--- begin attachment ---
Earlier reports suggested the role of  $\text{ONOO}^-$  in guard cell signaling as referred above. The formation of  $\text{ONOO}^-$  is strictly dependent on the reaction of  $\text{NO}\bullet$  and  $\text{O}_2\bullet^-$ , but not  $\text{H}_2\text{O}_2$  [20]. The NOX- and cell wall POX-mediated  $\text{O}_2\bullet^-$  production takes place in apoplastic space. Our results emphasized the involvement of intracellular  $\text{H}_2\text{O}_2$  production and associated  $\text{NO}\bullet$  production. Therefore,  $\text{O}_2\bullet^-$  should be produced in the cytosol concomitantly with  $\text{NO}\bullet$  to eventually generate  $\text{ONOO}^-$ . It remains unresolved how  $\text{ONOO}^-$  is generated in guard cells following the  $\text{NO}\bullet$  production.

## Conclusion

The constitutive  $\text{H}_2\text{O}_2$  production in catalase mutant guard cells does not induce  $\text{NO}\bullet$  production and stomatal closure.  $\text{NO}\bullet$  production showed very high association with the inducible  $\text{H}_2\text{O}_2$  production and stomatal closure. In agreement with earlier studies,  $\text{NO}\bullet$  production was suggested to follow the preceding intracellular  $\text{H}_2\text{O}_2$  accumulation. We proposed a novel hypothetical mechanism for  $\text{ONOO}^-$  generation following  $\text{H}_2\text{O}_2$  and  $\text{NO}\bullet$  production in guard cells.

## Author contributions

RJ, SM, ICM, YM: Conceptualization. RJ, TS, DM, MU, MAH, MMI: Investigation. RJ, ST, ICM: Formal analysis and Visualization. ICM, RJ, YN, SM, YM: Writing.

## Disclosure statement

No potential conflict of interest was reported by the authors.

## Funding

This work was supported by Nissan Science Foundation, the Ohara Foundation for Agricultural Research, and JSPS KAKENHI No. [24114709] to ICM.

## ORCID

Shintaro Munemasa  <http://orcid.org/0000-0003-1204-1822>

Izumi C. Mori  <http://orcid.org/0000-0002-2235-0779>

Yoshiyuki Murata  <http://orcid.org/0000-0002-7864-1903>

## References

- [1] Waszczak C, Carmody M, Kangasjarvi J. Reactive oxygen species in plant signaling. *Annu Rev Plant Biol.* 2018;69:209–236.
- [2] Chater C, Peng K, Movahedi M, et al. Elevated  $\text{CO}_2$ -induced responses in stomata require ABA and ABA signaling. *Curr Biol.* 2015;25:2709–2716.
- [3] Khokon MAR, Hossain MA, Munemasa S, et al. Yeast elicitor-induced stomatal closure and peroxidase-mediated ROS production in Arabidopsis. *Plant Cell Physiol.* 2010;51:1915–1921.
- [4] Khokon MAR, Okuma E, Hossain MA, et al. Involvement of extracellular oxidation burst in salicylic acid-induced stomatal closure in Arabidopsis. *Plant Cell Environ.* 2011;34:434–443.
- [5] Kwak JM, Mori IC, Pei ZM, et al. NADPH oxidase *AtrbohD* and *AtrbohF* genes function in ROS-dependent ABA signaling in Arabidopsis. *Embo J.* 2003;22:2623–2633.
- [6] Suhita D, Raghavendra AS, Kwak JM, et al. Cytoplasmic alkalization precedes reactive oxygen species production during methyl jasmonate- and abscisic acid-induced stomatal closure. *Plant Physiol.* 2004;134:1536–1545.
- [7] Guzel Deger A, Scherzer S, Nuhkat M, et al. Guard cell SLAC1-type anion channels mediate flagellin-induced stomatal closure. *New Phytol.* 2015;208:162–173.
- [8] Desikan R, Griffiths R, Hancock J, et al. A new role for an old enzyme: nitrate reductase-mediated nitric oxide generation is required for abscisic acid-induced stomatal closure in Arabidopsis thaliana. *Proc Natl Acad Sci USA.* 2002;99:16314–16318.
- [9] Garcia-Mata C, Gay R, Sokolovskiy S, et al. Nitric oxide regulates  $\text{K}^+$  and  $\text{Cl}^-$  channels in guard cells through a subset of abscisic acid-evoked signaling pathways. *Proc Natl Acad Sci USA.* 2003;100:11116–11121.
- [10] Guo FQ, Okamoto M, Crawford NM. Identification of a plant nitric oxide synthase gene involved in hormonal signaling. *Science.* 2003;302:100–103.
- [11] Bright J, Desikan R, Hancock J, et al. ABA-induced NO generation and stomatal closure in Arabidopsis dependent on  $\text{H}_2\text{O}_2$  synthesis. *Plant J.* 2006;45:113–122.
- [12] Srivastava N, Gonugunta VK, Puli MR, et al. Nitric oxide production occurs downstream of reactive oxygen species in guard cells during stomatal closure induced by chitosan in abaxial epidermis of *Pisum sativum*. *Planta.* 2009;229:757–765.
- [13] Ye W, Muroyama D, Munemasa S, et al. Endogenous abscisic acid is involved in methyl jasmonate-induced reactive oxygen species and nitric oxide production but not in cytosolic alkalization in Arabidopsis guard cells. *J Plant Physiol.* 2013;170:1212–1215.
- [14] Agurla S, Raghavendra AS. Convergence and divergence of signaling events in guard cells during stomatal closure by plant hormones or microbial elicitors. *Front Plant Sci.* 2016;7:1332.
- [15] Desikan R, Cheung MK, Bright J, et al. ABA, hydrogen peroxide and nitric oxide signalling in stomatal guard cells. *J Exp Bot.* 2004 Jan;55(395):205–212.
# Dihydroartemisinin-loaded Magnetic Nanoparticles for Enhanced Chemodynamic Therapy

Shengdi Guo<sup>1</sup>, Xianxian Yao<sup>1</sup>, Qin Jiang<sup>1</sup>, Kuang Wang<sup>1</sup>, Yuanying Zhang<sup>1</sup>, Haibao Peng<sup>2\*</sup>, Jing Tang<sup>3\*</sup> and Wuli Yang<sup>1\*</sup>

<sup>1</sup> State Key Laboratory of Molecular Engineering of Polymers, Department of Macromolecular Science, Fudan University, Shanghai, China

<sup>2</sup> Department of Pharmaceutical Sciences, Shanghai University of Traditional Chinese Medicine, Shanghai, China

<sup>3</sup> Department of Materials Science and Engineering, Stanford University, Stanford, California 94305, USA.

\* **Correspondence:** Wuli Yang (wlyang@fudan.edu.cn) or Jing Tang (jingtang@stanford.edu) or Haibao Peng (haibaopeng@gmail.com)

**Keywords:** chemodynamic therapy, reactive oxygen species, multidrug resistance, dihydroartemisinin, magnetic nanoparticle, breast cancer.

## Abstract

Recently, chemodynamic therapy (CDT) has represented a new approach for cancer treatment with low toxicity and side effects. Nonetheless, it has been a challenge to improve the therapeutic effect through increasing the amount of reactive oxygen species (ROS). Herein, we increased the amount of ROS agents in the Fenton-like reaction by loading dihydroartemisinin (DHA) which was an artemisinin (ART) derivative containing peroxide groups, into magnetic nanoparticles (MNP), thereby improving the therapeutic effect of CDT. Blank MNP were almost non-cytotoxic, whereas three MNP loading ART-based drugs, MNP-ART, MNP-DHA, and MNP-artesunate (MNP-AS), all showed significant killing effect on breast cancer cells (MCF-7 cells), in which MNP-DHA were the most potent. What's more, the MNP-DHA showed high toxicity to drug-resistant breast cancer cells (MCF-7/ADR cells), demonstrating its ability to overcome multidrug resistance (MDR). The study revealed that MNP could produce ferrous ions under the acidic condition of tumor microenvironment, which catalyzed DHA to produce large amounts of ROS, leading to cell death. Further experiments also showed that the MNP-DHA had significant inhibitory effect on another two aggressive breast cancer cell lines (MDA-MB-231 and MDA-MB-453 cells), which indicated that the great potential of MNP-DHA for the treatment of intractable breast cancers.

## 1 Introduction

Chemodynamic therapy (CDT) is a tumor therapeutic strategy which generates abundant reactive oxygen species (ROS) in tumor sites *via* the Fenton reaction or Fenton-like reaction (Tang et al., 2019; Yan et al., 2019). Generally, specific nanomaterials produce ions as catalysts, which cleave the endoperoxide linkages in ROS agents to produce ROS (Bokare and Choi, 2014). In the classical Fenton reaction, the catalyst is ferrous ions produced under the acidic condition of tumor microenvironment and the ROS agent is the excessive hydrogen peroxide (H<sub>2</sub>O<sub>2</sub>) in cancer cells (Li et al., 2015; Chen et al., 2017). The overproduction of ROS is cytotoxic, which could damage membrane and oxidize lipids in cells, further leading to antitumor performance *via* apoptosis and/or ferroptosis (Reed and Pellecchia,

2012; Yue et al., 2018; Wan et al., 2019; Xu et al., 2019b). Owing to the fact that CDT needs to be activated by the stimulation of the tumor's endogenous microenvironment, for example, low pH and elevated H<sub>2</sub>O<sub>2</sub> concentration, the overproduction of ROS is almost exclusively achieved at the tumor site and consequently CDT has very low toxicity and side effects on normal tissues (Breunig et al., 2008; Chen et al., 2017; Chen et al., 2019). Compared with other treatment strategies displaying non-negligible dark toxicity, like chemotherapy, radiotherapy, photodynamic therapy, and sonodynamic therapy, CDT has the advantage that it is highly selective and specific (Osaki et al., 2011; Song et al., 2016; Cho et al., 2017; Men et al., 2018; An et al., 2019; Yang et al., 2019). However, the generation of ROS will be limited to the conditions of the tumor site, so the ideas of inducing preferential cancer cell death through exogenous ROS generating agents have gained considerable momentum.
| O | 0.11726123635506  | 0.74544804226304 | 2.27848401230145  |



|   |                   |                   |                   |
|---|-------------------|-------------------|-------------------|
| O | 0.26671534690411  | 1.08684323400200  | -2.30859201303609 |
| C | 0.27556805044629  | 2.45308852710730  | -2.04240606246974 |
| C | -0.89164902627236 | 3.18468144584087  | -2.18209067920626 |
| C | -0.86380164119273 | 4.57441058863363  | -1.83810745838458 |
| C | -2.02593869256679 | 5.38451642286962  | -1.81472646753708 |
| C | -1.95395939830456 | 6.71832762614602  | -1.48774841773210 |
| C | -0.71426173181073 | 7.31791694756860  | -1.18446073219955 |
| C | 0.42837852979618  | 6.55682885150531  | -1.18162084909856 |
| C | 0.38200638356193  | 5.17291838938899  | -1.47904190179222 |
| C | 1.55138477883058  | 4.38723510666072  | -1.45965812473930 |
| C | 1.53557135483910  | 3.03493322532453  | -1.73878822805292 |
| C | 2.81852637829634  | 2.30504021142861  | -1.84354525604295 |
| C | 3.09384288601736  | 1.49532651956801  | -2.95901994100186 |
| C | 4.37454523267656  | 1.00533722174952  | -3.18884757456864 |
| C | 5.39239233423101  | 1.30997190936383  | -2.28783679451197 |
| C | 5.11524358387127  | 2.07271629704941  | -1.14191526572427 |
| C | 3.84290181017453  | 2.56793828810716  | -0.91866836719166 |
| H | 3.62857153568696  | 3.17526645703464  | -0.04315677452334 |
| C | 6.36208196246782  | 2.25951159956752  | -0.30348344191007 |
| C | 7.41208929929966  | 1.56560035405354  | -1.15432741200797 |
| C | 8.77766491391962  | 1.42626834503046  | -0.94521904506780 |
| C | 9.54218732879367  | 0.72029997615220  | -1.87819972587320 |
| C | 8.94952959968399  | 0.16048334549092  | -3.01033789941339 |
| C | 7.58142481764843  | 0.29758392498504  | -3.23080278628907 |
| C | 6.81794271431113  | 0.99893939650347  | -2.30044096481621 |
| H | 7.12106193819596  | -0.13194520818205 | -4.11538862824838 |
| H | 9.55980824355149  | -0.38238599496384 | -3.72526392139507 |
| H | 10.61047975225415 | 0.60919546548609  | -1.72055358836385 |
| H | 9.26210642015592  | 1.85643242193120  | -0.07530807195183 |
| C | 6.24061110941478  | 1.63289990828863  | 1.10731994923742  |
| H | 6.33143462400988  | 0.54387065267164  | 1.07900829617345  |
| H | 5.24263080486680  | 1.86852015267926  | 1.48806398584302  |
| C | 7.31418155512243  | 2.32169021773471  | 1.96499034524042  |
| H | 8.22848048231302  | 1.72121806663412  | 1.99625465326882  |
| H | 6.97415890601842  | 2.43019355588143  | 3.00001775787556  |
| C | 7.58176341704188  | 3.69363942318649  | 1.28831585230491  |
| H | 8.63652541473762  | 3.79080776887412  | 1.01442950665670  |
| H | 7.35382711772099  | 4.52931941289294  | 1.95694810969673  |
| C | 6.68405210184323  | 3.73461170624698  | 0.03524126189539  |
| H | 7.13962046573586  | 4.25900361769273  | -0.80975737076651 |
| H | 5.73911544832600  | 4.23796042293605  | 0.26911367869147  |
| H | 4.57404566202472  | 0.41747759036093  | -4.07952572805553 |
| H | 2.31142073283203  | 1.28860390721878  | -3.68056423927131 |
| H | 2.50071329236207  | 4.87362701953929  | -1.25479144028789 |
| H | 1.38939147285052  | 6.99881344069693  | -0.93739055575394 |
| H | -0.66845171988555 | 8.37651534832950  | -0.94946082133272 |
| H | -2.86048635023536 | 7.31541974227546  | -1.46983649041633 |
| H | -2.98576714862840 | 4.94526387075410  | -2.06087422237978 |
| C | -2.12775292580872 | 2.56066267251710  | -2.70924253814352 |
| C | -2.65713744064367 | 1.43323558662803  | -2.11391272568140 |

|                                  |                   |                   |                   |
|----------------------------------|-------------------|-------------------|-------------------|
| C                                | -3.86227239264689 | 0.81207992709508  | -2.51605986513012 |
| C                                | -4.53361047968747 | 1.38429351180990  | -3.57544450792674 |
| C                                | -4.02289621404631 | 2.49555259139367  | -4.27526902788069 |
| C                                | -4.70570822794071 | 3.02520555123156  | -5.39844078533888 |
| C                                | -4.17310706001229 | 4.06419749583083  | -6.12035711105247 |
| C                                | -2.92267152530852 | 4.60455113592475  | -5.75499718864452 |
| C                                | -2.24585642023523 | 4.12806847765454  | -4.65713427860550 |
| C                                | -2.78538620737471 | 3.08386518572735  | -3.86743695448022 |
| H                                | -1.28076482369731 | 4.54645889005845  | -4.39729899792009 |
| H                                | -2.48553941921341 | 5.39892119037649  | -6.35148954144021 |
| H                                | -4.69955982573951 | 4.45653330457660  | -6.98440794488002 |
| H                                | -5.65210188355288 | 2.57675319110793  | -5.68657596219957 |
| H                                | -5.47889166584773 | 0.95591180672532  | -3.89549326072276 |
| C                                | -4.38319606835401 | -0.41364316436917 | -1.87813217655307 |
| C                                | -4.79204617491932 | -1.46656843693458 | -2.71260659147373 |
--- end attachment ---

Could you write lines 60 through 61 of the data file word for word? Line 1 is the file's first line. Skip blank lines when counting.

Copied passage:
| C | 5.11524358387127  | 2.07271629704941  | -1.14191526572427 |
| C | 3.84290181017453  | 2.56793828810716  | -0.91866836719166 |